Note: Some of this is just my personal opinion/style but it still shows you the basics and you can adjust from there!
There are a lot of actions out there for black and white conversions, but it’s not hard to create them all on your own! Like any photo, the best black and white images start as properly exposed images with nice directional lighting in them. Although, let’s be honest… black and white can also be the way to ‘fix’ a photo that may have a nice emotional moment but less than perfect colors.
I am going to show you two ways to do black and white images; one using Photoshop and one using Lightroom.
The above images show you three different black and white/grayscale images so that you can compare their differences.
To convert a photo using gradient map, first hit your “D” key to return your colors to the default black and white. Go to your layers palette and click your ‘yin yang’ symbol (as I like to call it) and go to Gradient Map. It should default to the standard gradient and you’ll see your image turn black and white. Next, you’ll hit your yin yang again, and add a curves layer. You’ll add three adjustments, one for the shadows, one for the mid tones and one for highlights. Bring your shadows down, your highlights up and I normally leave the midtones right in the middle, or bring it up just a tiny amount. Be careful with your highlights here, to keep from blowing your lighter spots out. There are times I only use the shadows and midtones and leave my highlights alone.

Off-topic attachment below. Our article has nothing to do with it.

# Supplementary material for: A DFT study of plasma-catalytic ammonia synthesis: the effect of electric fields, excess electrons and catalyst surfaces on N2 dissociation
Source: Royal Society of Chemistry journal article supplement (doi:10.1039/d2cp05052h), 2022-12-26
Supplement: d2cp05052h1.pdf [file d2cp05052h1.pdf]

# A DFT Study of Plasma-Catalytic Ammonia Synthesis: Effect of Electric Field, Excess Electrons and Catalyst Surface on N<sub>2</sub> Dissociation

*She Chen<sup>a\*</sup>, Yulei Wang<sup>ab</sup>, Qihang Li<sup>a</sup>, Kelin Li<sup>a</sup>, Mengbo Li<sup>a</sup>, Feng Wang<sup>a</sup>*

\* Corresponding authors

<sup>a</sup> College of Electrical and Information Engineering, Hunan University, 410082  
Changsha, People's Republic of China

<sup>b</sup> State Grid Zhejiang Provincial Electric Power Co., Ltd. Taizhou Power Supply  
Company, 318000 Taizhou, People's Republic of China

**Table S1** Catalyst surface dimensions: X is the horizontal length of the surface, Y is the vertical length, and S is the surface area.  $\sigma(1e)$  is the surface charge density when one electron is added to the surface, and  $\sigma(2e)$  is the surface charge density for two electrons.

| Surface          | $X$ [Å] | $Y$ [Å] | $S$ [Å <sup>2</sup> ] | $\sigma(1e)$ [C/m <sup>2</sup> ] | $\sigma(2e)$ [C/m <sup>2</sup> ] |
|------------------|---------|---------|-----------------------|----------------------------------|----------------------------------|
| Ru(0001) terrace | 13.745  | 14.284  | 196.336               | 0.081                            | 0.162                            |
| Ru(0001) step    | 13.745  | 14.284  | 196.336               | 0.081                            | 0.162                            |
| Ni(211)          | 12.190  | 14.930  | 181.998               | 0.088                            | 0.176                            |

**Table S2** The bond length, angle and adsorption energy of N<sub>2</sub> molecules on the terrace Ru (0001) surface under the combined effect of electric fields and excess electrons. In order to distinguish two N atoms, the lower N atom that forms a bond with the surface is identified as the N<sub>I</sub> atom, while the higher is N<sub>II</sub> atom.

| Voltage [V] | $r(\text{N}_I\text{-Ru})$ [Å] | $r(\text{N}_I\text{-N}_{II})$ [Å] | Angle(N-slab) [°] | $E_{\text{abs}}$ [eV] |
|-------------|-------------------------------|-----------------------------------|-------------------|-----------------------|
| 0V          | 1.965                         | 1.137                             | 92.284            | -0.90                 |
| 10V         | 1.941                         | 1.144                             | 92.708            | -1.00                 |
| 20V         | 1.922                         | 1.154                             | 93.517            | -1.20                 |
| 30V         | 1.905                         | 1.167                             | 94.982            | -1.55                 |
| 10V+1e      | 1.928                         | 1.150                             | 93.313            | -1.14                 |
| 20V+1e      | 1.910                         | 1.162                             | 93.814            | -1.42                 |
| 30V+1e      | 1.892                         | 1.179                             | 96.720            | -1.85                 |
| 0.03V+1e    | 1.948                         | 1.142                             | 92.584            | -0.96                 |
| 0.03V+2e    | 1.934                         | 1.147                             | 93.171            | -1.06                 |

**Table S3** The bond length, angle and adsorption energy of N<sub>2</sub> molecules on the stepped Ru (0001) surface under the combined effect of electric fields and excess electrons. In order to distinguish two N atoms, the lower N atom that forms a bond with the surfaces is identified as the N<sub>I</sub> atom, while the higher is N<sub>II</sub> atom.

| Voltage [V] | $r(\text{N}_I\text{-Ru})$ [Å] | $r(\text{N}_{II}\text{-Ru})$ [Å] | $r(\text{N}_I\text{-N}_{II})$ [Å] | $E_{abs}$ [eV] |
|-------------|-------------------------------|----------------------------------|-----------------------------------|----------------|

Flatten your image, and there you go! Easy, clean and basic black and white image that pops.
At the very top of your Basic section in your Develop tab, you will see Treatment: Color or Grayscale. Click over to Grayscale and your image will automatically be converted to that lovely image on the right.
Here, we will actually do something almost identical to what we did in Photoshop. I’ve talked about this tool before in a previous tutorial, but we will use the Tone Curve to add depth to your image. It’s also good to bump your blacks up a little for added depth.
Again, you’ll want to experiment to see what works best for your particular image. If you find something you really like, then be sure to save it as a Preset to use on other images. You can create your own preset by hitting Cntrl + Shift + N or going up to the Develop dropdown on the top of your screen and selecting it there.
If you have any questions about either of these methods, please feel free to ask me! My next tutorial(s) will be a big one…all about blogging, so stay tuned.